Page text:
The Computer & Communications Industry Association responded to a White House request for public input on intellectual property enforcement. CCIA President & CEO Ed Black expressed frustration that despite what policy makers learned from the problems with SOPA, PIPA and ACTA, they are still attempting to address complex issues relating to intellectual property and the Internet through a narrow paradigm that appears to be more geared towards getting their enforcement agenda back on track – rather than examining the whole scope of the problem and devising a balanced response.
The following can be attributed to CCIA President & CEO Ed Black:
“It seems they still just don’t get it when it comes to the Internet and intellectual property. We’re not talking about enforcing well-crafted laws; but rather a cumbersome, out-dated regulatory behemoth desperately in need of reform. Our IP regulations date from the 19th century, and the past three years have approached 21st century ecosystem economics with a 20th century cops-and-robbers enforcement mindset that produced SOPA, PIPA, and ACTA, and conflict, litigation, and division. Though we are concerned with the likely narrow focus of this undertaking, we support efforts to invite participation by a broader set of stakeholders and the public.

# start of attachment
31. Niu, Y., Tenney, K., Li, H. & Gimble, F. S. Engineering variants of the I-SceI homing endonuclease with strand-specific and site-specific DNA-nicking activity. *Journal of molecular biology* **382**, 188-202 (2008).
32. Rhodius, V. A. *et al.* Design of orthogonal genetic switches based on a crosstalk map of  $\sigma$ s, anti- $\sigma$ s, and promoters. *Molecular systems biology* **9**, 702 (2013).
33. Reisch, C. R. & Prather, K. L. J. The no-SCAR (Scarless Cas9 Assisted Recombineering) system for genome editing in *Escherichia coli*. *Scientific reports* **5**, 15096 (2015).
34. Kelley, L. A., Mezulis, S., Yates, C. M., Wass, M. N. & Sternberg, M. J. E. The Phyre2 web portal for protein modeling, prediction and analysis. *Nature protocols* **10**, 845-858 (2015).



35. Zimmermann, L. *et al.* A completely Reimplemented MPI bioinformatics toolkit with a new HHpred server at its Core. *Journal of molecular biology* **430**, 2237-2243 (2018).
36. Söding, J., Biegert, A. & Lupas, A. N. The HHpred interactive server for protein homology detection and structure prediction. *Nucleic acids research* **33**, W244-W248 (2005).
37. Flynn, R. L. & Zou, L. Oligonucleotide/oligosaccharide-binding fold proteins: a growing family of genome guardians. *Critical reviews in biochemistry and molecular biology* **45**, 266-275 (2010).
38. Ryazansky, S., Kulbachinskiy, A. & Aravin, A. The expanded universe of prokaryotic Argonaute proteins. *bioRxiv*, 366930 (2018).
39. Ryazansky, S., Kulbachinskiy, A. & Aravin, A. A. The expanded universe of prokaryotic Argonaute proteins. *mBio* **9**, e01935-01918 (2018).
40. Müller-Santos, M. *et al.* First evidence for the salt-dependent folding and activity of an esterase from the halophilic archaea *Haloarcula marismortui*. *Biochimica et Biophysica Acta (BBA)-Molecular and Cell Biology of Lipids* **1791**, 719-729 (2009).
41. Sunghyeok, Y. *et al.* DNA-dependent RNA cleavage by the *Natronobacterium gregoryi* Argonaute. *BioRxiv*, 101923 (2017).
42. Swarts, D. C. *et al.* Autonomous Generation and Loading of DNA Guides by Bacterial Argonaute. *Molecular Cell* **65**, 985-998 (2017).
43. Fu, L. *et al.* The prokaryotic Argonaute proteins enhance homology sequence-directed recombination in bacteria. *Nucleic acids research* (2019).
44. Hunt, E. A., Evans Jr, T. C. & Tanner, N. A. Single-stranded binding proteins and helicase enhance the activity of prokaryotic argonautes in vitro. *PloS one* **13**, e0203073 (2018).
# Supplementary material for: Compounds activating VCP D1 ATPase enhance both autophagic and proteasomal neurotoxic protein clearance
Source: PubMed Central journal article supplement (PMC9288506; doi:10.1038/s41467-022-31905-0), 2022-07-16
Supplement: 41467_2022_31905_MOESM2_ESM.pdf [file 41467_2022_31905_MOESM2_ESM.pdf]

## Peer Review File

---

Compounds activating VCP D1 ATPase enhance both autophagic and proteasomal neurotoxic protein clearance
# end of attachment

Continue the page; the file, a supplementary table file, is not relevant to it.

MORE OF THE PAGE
“Enforcement will remain an elusive goal so long as the underlying law is so fundamentally flawed. It is time to chart a course appropriate for the 21st century. During its campaign and early days some leaders in this administration demonstrated a thoughtful and deeper understanding of the technology and Internet industry. We urge that the wisdom and understanding glimpsed then will re-emerge soon.
“CCIA, which was an early leader in the fight against SOPA and PIPA, will respond in-depth to the Administration’s request for comments with constructive proposals to address the full range of issues that need attention.
The federal register notice asking for input on how the White House does IP enforcement is getting some attention online from the millions of Internet users who flooded Capitol Hill with phone calls in January opposing the SOPA/PIPA legislation. The Hollywood-backed bills would have sacrificed how the Internet works in hopes of further crackdowns on online infringement.
The White House’s Intellectual Property Enforcement Coordinator, Victoria Espinel, is now asking for public input on IP enforcement as part of its mandate under the Pro IP Act of 2008. Espinel is charged with developing the administrations joint enforcement plan and reporting to Congress every 3 years. So this request does not necessarily signal a new sensitivity to the appearance of public input following a swell of opposition to SOPA and PIPA and the more recent failure of an initiative in Europe that would have expanded US IP enforcement overseas as part of the Anti-Counterfeiting Trade Agreement.
Part of the activism against these IP enforcement measures stemmed from frustration over a business-as-usual approach in which members of Congress followed the demands of the movie and music industry, but did little to include broader economic or public interests in meetings or hearings in crafting the policy. Many companies, Internet users, Internet engineers and cybersecurity experts wrote to Congress about their serious concerns. Their input did not stop the legislation, but it helped start the swell of opposition against it.